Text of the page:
Irish Musician Bono’s Product RED Raises $10M in U.K., Global Fund Director Feachem SaysProduct RED, a project created by Irish musician Bono and Bobby Shriver that that aims to raise money for the Global Fund To Fight AIDS, Tuberculosis and Malaria by donating a portion of profits from a range of branded products, raised more than $10 million in the United Kingdom from February through September, according to Global Fund Director Richard Feachem, the New York Times reports (Story, New York Times, 10/4). American Express, Converse, Giorgio Armani and Gap were the initial partners in the program -- which was launched in January -- and are distributing credit cards and selling tennis shoes, sunglasses and T-shirts, respectively, carrying the Product RED label. The four partner companies have committed to the brand for five years and have pledged to give an average of 40% of profits from the products to the Global Fund. London's Independent in May announced that it would become the first media outlet to sign on as a partner in the project. In addition, Motorola in May announced that it will partner with Product RED (Kaiser Daily HIV/AIDS Report, 5/16). Product RED products will be available in U.S. stores this month, the Times reports. "RED is one of the first major efforts to tap more Americans to contribute to fighting AIDS a continent away," Bill Gates, co-chair of the Bill & Melinda Gates Foundation, said, adding, "I wasn't sure they would get enough companies on board to make RED a viable entity, and whether it could generate enough revenue for the global fund to make it worthwhile. I was pleasantly surprised on both counts." According Feachem, the amount Product RED has raised so far is twice the amount the Global Fund received from companies and individuals from 2002 through 2006. "RED is intrinsically sustainable because RED is good for the companies," Feachem said. According to Tommy Thompson, former HHS secretary and honorary chair of the Global Fund, "The reason the private sector's got to be involved is there's just not enough money coming in from the government. This is a huge thing and the demand and the need is so great that we just don't have enough money coming in from the governments to do it."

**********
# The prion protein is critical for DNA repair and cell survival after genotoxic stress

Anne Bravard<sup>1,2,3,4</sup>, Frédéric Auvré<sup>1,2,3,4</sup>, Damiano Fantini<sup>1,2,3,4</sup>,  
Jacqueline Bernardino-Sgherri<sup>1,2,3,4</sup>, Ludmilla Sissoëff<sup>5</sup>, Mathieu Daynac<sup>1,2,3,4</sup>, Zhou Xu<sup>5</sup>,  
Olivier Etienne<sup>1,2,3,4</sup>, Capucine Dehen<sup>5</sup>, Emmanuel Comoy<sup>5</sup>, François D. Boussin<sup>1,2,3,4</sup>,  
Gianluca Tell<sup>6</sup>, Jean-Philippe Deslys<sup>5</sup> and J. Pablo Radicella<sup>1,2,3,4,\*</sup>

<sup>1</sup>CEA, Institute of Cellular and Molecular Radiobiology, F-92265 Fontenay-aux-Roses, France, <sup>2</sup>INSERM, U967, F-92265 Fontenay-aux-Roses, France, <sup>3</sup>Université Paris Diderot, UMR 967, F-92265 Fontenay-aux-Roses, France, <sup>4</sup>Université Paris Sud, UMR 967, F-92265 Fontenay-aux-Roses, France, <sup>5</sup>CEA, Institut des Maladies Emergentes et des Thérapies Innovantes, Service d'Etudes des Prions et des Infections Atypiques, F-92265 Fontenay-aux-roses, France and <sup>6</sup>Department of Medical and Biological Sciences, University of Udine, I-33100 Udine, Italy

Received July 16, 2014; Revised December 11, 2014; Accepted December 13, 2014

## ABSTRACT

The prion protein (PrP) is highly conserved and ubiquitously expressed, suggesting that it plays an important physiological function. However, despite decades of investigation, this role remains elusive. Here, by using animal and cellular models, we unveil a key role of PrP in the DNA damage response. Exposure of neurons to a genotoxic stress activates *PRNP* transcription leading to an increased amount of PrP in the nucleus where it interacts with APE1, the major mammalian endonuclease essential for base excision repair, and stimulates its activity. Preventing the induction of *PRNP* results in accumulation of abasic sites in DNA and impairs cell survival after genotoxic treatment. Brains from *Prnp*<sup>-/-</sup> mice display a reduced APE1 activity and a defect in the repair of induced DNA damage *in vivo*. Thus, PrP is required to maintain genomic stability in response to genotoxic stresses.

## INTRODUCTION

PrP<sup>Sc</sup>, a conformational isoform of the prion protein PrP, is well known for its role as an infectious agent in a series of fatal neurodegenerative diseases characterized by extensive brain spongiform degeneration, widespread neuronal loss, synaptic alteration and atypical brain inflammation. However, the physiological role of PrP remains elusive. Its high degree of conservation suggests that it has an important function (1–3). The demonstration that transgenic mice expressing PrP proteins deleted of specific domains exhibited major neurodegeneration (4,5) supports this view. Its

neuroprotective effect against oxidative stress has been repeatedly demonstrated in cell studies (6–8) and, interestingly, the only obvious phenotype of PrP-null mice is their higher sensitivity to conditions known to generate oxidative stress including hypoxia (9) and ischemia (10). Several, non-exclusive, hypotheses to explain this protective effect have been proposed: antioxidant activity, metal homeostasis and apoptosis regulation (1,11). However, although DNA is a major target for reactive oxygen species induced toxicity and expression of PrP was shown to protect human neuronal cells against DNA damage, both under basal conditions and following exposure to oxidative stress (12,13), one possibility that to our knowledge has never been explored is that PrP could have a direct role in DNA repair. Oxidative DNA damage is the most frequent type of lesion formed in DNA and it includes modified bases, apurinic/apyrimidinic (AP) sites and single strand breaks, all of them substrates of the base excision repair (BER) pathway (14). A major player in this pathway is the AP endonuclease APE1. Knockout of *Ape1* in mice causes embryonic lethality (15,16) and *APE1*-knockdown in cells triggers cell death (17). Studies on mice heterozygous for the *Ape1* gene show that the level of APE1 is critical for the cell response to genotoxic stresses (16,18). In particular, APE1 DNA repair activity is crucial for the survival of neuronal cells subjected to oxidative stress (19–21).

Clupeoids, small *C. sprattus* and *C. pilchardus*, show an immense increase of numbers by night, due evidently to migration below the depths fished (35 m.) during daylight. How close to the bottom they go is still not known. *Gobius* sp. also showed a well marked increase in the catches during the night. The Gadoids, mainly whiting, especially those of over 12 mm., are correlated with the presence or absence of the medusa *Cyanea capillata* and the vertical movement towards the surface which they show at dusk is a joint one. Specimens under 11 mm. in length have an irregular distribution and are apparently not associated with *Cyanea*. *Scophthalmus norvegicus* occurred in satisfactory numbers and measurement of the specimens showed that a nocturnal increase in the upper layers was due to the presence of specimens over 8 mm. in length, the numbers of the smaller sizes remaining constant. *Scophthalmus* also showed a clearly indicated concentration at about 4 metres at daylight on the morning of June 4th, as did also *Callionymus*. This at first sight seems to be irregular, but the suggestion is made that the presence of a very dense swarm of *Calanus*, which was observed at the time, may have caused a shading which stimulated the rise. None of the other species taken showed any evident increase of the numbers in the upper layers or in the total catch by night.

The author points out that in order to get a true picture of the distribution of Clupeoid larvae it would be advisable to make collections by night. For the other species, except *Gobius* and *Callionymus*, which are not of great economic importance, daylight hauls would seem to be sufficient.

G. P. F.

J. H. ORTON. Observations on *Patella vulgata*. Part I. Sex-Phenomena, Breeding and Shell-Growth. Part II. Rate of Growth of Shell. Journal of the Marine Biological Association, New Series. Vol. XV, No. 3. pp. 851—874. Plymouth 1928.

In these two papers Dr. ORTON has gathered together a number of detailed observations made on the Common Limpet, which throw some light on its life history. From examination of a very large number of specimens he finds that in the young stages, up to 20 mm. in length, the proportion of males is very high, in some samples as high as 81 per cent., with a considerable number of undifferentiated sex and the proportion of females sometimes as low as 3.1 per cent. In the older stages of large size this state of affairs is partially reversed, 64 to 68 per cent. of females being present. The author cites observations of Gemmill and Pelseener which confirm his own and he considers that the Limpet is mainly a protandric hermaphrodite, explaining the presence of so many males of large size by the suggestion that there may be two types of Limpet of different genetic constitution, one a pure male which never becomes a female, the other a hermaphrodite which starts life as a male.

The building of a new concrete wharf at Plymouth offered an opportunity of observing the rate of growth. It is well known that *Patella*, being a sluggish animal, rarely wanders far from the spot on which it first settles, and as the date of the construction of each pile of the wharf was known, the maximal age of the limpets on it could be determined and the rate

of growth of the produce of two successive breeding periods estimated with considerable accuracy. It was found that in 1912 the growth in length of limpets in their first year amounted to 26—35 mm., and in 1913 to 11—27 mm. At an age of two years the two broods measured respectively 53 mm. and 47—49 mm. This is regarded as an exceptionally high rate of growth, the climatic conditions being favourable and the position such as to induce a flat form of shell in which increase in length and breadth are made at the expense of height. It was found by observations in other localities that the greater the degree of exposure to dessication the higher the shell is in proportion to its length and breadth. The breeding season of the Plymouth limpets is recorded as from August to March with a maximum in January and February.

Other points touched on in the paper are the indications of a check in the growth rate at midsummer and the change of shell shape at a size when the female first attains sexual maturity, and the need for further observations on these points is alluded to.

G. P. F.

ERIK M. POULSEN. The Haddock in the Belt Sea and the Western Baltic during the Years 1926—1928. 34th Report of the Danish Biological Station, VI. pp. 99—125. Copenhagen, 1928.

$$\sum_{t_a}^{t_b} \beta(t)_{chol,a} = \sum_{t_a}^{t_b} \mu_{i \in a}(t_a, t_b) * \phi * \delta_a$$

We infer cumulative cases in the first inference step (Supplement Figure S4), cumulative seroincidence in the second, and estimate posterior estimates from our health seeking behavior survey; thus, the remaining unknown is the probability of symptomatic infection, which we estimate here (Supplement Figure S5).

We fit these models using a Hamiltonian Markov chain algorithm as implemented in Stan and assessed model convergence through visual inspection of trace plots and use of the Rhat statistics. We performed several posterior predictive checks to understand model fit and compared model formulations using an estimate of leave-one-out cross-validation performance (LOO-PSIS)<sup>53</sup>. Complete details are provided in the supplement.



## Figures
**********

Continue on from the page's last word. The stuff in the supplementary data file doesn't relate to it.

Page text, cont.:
The funds generated from U.K. sales will be allocated to HIV testing and treatment services for HIV-positive women and children living in Rwanda and to supporting AIDS orphans in Swaziland, Feachem said (New York Times, 10/4). This is part of the KHN Morning Briefing, a summary of health policy coverage from major news organizations. Sign up for an email subscription.